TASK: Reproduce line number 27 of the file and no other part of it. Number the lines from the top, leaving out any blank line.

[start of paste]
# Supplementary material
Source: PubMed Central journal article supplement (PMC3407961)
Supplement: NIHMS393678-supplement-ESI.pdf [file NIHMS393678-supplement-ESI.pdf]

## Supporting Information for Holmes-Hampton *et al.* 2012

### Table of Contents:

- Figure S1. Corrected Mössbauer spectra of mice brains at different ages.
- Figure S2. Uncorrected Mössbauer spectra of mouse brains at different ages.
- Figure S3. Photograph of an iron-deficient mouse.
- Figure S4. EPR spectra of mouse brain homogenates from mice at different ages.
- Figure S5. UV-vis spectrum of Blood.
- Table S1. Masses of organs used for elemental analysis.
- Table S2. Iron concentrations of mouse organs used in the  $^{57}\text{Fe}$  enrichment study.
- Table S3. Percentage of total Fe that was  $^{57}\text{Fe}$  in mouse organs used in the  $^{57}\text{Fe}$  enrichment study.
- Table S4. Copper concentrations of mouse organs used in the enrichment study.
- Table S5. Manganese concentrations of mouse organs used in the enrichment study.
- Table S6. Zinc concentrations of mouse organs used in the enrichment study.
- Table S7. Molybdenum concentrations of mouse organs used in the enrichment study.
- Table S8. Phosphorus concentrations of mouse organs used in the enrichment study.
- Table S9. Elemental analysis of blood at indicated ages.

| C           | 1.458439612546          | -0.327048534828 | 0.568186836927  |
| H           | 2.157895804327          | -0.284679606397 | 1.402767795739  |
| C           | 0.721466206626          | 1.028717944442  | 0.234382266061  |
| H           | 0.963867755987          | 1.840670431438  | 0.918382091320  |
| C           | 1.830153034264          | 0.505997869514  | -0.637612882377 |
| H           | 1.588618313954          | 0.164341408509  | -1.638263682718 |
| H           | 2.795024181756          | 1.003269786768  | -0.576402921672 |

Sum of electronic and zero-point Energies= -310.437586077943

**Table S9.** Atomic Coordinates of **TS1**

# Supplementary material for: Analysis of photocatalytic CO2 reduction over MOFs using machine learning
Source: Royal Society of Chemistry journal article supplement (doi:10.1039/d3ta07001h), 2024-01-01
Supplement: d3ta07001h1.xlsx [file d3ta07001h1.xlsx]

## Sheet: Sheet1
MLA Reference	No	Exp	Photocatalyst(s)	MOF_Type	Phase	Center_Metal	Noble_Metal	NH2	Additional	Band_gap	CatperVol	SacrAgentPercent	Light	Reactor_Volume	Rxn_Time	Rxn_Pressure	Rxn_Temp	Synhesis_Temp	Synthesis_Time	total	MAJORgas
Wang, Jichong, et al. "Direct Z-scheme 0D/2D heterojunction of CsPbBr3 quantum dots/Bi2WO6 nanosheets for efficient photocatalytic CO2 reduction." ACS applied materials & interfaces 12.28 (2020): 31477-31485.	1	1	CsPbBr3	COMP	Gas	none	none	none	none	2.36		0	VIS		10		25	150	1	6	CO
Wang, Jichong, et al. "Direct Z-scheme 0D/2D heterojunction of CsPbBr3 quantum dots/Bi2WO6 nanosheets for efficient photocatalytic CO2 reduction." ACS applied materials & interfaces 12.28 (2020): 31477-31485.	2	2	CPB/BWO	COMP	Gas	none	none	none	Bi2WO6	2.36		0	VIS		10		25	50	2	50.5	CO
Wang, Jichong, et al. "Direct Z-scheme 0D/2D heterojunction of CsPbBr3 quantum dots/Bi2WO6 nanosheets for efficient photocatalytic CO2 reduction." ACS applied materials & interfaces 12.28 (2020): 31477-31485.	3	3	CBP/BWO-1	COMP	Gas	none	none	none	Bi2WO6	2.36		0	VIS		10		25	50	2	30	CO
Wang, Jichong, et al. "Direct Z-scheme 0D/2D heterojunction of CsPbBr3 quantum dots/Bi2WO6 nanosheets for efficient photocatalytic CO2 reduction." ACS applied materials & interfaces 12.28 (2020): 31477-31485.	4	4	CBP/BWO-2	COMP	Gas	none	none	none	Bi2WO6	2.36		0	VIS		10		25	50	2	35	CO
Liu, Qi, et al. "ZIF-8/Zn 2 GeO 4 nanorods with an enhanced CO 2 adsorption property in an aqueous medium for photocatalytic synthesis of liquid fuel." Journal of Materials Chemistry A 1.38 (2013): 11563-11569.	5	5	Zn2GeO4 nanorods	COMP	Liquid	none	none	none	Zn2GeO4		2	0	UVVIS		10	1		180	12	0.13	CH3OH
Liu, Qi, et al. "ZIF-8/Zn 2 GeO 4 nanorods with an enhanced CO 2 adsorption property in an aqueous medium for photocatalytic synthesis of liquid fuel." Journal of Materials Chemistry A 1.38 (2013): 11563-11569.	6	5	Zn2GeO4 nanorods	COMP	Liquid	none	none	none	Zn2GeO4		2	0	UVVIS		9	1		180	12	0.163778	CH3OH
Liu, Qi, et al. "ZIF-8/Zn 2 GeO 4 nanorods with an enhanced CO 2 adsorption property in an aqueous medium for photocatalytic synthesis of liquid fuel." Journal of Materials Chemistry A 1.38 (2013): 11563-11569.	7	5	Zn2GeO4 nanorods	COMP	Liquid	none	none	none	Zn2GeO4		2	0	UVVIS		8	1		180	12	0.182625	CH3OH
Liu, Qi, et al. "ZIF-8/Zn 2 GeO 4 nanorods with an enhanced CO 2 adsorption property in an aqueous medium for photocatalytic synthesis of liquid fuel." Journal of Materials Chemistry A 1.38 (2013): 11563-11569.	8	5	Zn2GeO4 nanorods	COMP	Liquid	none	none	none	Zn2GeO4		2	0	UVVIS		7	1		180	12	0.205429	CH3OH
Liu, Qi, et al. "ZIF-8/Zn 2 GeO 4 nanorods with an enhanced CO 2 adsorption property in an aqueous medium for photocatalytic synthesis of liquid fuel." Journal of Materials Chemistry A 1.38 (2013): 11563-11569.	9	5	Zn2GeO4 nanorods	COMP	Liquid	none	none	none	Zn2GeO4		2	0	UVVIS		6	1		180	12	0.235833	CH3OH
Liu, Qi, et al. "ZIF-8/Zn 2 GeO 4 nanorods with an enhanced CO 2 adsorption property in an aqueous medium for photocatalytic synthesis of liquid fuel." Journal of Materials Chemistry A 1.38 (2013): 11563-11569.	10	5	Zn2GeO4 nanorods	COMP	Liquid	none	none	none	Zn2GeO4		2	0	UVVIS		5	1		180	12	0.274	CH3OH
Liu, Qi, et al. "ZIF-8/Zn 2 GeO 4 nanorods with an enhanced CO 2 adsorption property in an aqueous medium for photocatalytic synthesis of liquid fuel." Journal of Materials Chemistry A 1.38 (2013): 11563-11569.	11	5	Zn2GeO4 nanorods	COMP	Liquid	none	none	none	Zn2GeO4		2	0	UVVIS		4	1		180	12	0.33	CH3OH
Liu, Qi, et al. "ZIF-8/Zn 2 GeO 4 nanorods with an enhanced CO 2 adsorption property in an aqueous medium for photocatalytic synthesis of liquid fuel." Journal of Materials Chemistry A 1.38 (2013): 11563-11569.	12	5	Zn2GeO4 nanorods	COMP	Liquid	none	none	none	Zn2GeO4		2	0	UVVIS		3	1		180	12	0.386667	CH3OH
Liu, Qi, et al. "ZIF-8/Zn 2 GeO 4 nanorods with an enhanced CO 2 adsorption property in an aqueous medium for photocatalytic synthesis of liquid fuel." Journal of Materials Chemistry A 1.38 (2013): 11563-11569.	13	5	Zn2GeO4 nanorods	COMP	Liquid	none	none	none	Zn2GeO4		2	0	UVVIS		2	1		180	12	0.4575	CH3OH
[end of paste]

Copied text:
Sum of electronic and zero-point Energies= -310.437586077943